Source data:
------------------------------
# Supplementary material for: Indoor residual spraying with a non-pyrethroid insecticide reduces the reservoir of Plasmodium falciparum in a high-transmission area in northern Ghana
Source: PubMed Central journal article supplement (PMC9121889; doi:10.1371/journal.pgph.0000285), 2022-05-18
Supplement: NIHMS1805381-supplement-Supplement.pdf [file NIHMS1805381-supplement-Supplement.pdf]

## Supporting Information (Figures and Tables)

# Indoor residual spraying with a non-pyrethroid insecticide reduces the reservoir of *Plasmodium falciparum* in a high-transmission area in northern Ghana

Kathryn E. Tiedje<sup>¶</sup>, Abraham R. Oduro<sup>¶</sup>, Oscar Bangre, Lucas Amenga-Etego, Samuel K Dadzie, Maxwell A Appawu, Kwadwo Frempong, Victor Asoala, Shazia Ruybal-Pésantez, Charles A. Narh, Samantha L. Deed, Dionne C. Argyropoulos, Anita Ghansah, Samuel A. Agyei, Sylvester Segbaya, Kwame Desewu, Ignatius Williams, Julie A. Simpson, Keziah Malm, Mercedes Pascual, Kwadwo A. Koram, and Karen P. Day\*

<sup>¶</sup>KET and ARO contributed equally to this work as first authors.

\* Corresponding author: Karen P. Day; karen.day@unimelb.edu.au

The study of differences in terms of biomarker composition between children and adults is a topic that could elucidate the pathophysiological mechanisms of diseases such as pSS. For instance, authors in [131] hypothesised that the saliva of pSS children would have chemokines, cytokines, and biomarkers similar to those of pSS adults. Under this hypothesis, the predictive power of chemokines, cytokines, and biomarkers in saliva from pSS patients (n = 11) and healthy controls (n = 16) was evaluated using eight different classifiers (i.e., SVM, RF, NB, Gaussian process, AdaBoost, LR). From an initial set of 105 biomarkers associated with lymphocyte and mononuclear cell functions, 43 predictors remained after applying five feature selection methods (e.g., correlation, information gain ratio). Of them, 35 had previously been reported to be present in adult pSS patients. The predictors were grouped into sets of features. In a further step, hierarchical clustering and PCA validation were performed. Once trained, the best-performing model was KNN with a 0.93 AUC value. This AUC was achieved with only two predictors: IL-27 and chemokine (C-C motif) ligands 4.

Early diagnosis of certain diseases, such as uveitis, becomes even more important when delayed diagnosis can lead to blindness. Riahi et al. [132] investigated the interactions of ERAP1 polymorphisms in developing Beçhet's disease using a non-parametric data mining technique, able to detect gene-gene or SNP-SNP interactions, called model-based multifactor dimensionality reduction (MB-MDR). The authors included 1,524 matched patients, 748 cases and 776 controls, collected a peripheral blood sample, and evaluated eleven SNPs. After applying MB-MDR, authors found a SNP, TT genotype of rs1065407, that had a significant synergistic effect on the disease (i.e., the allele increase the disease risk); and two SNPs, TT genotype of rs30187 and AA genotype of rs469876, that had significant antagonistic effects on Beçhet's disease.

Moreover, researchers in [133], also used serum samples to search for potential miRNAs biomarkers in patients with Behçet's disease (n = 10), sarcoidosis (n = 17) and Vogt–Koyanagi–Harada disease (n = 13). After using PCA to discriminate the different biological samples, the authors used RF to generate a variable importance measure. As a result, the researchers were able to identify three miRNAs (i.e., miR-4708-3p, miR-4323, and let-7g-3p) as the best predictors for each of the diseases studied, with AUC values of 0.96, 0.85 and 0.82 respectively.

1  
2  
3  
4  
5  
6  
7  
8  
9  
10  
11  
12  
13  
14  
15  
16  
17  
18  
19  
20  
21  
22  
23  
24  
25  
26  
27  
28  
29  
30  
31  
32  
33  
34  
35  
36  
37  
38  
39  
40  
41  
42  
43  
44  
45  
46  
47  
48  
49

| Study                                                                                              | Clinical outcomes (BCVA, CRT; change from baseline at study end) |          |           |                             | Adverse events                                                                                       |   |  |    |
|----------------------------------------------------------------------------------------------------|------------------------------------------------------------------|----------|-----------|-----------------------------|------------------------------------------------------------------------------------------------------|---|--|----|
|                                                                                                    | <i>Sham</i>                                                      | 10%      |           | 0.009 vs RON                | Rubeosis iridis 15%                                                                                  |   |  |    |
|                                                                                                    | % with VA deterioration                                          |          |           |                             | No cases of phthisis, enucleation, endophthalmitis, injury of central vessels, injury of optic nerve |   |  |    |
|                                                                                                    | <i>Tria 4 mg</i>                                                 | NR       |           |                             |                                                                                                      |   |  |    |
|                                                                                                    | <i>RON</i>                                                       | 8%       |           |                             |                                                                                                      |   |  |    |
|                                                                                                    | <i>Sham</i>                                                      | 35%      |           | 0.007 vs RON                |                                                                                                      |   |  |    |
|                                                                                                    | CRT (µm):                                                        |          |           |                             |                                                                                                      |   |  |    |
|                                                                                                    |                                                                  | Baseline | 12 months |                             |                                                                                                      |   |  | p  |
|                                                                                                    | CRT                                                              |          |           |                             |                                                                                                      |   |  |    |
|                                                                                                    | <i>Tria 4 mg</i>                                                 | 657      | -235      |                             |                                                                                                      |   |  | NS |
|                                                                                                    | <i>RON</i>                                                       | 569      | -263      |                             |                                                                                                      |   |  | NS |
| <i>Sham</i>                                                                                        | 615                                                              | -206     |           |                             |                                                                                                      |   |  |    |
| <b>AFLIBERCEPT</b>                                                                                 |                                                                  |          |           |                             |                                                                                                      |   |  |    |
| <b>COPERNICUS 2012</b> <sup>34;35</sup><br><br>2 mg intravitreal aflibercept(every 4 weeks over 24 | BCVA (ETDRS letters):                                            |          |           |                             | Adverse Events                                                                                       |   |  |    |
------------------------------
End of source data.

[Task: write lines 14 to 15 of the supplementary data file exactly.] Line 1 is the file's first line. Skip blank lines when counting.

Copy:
3  
4  